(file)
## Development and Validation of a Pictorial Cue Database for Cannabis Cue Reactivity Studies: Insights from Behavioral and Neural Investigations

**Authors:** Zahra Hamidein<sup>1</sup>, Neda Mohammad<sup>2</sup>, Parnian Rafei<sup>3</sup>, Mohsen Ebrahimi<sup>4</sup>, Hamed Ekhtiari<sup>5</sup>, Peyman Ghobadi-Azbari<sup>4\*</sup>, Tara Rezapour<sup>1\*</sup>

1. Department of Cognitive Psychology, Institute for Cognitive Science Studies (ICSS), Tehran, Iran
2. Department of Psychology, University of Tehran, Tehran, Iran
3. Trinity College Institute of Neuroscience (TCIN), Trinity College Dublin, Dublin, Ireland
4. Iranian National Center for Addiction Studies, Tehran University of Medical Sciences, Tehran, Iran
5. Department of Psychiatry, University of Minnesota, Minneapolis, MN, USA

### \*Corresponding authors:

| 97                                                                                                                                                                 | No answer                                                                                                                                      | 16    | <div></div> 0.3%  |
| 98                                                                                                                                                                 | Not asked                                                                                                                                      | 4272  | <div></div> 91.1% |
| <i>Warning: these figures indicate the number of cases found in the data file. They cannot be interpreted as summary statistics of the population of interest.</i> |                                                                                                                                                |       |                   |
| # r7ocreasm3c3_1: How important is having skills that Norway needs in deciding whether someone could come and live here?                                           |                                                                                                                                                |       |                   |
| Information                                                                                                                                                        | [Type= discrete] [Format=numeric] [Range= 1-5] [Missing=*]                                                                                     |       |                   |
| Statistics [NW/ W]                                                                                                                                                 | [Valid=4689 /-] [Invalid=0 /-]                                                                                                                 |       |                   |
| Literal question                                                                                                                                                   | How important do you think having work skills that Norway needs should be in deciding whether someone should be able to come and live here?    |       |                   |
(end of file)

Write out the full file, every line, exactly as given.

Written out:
## Development and Validation of a Pictorial Cue Database for Cannabis Cue Reactivity Studies: Insights from Behavioral and Neural Investigations

**Authors:** Zahra Hamidein<sup>1</sup>, Neda Mohammad<sup>2</sup>, Parnian Rafei<sup>3</sup>, Mohsen Ebrahimi<sup>4</sup>, Hamed Ekhtiari<sup>5</sup>, Peyman Ghobadi-Azbari<sup>4\*</sup>, Tara Rezapour<sup>1\*</sup>

1. Department of Cognitive Psychology, Institute for Cognitive Science Studies (ICSS), Tehran, Iran
2. Department of Psychology, University of Tehran, Tehran, Iran
3. Trinity College Institute of Neuroscience (TCIN), Trinity College Dublin, Dublin, Ireland
4. Iranian National Center for Addiction Studies, Tehran University of Medical Sciences, Tehran, Iran
5. Department of Psychiatry, University of Minnesota, Minneapolis, MN, USA

### \*Corresponding authors:

| 97                                                                                                                                                                 | No answer                                                                                                                                      | 16    | <div></div> 0.3%  |
| 98                                                                                                                                                                 | Not asked                                                                                                                                      | 4272  | <div></div> 91.1% |
| <i>Warning: these figures indicate the number of cases found in the data file. They cannot be interpreted as summary statistics of the population of interest.</i> |                                                                                                                                                |       |                   |
| # r7ocreasm3c3_1: How important is having skills that Norway needs in deciding whether someone could come and live here?                                           |                                                                                                                                                |       |                   |
| Information                                                                                                                                                        | [Type= discrete] [Format=numeric] [Range= 1-5] [Missing=*]                                                                                     |       |                   |
| Statistics [NW/ W]                                                                                                                                                 | [Valid=4689 /-] [Invalid=0 /-]                                                                                                                 |       |                   |
| Literal question                                                                                                                                                   | How important do you think having work skills that Norway needs should be in deciding whether someone should be able to come and live here?    |       |                   |